UK hardiness Note: We are working to update our ratings. Thanks for your patience.

Hardy (H4)

Companion plants

Botanical name

Salix caprea

Other names

Goat willow, Pussy willow, Sally, Palm willow, Florists willow, Great sallow, Sallow, Northamptonshire palm

Genus

Salix Salix

Species

S. caprea - S. caprea is a deciduous shrub or small tree with broad leaves and soft silky, silvery catkins, produced in early spring before the new leaves appear. The male and female catkins are on different plants.

Foliage

Deciduous

Tree shape

Rounded


Colour

Flower

Silvery-grey in Spring

Foliage

Green in Summer


How to care

Watch out for

Specific pests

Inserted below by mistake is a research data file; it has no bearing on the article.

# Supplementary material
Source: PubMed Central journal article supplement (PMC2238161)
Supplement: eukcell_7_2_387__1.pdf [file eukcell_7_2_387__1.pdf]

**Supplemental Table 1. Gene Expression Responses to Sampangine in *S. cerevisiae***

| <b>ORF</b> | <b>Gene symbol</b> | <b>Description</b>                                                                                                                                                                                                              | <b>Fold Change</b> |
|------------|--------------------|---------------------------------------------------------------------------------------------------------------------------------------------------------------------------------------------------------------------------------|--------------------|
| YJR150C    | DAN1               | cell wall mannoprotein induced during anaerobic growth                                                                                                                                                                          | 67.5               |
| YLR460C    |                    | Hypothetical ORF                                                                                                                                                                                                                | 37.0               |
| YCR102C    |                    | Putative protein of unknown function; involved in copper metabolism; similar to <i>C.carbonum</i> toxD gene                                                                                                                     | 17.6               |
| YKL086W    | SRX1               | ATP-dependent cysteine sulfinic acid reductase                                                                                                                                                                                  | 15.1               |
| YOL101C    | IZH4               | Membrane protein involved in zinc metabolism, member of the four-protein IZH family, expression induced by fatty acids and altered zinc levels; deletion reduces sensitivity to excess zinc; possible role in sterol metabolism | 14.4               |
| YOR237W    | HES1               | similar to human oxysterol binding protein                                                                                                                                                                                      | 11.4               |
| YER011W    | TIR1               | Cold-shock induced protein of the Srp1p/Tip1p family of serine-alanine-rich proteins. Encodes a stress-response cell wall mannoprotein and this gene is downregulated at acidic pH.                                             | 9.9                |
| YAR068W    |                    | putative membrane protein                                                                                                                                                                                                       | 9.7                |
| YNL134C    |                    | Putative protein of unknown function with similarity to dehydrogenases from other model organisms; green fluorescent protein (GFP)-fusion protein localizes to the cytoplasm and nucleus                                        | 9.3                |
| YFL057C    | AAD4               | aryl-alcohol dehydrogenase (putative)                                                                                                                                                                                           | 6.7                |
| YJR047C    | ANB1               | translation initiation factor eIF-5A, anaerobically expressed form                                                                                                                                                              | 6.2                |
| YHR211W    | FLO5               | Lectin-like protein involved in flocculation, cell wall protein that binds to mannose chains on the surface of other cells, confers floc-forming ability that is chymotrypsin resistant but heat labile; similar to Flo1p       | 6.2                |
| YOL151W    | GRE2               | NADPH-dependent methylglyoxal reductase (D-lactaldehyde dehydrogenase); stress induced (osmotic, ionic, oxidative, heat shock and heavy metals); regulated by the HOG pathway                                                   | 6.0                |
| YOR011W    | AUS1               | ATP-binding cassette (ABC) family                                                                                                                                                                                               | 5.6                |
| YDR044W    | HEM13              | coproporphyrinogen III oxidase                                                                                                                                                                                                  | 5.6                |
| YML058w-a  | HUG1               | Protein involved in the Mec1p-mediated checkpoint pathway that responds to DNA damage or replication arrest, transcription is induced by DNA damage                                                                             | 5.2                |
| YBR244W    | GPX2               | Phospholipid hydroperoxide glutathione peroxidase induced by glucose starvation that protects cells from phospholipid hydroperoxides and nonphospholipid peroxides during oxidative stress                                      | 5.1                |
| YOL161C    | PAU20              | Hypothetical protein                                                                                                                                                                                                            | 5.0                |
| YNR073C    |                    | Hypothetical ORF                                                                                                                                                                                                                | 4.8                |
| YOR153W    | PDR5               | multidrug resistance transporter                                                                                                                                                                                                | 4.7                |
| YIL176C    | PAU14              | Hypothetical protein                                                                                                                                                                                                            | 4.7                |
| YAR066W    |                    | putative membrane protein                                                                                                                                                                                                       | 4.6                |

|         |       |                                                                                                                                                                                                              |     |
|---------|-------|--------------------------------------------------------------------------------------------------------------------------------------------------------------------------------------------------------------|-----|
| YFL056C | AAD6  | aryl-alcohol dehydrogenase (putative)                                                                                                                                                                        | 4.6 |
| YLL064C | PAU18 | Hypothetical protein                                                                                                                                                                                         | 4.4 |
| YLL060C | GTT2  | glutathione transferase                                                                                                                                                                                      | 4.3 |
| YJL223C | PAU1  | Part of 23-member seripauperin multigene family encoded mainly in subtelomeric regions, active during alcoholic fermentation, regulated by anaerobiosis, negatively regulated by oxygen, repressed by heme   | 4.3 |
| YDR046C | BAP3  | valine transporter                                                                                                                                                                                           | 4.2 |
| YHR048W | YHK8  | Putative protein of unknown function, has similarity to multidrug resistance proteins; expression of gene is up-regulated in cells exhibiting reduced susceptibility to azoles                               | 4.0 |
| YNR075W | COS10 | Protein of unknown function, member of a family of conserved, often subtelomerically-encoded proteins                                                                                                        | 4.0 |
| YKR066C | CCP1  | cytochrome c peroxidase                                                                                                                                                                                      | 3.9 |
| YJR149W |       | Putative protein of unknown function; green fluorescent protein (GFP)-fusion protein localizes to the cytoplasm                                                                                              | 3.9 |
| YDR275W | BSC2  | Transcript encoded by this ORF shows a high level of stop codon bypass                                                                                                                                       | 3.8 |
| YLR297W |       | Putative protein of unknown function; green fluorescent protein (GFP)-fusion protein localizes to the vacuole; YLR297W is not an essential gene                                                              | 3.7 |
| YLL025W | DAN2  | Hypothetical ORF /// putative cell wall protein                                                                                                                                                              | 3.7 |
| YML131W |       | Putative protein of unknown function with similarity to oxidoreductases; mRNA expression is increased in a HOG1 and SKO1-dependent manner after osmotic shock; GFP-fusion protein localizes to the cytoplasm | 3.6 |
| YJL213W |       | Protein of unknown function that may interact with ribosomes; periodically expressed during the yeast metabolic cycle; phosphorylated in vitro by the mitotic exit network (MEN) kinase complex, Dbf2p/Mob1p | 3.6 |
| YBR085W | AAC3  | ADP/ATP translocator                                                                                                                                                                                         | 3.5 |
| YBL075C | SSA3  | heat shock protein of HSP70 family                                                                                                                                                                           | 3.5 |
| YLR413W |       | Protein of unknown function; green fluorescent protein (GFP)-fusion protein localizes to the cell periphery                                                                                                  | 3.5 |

Aphids , Caterpillars , Leaf beetles (willow and poplar) , Sawflies

Specific diseases

Anthracnose diseases , Rust

General care

Pruning

Can be pollarded every 3-4 years.

Propagation methods

Hardwood cuttings, Softwood cuttings


Monthly care advice


Where to grow

Salix caprea (Goat willow) will reach a height of 12m and a spread of 8m after 20-50 years.

Suggested uses

Coastal, Hedging/Screens, Low Maintenance, Wildlife

Cultivation

Plant in moist but well-drained or well-drained soil in full sun. Dislikes shallow chalk soil.

Soil type

Clay, Loamy, Sandy

Soil drainage

Moist but well-drained, Well-drained

Soil pH

Acid, Alkaline, Neutral

Light

Full Sun

Aspect

North, South, East, West

Exposure

Exposed, Sheltered

UK hardiness Note: We are working to update our ratings. Thanks for your patience.

Hardy (H4)

USDA zones

Zone 10, Zone 9, Zone 8, Zone 7, Zone 6, Zone 5, Zone 4, Zone 3, Zone 2

Defra's Risk register #1

Plant name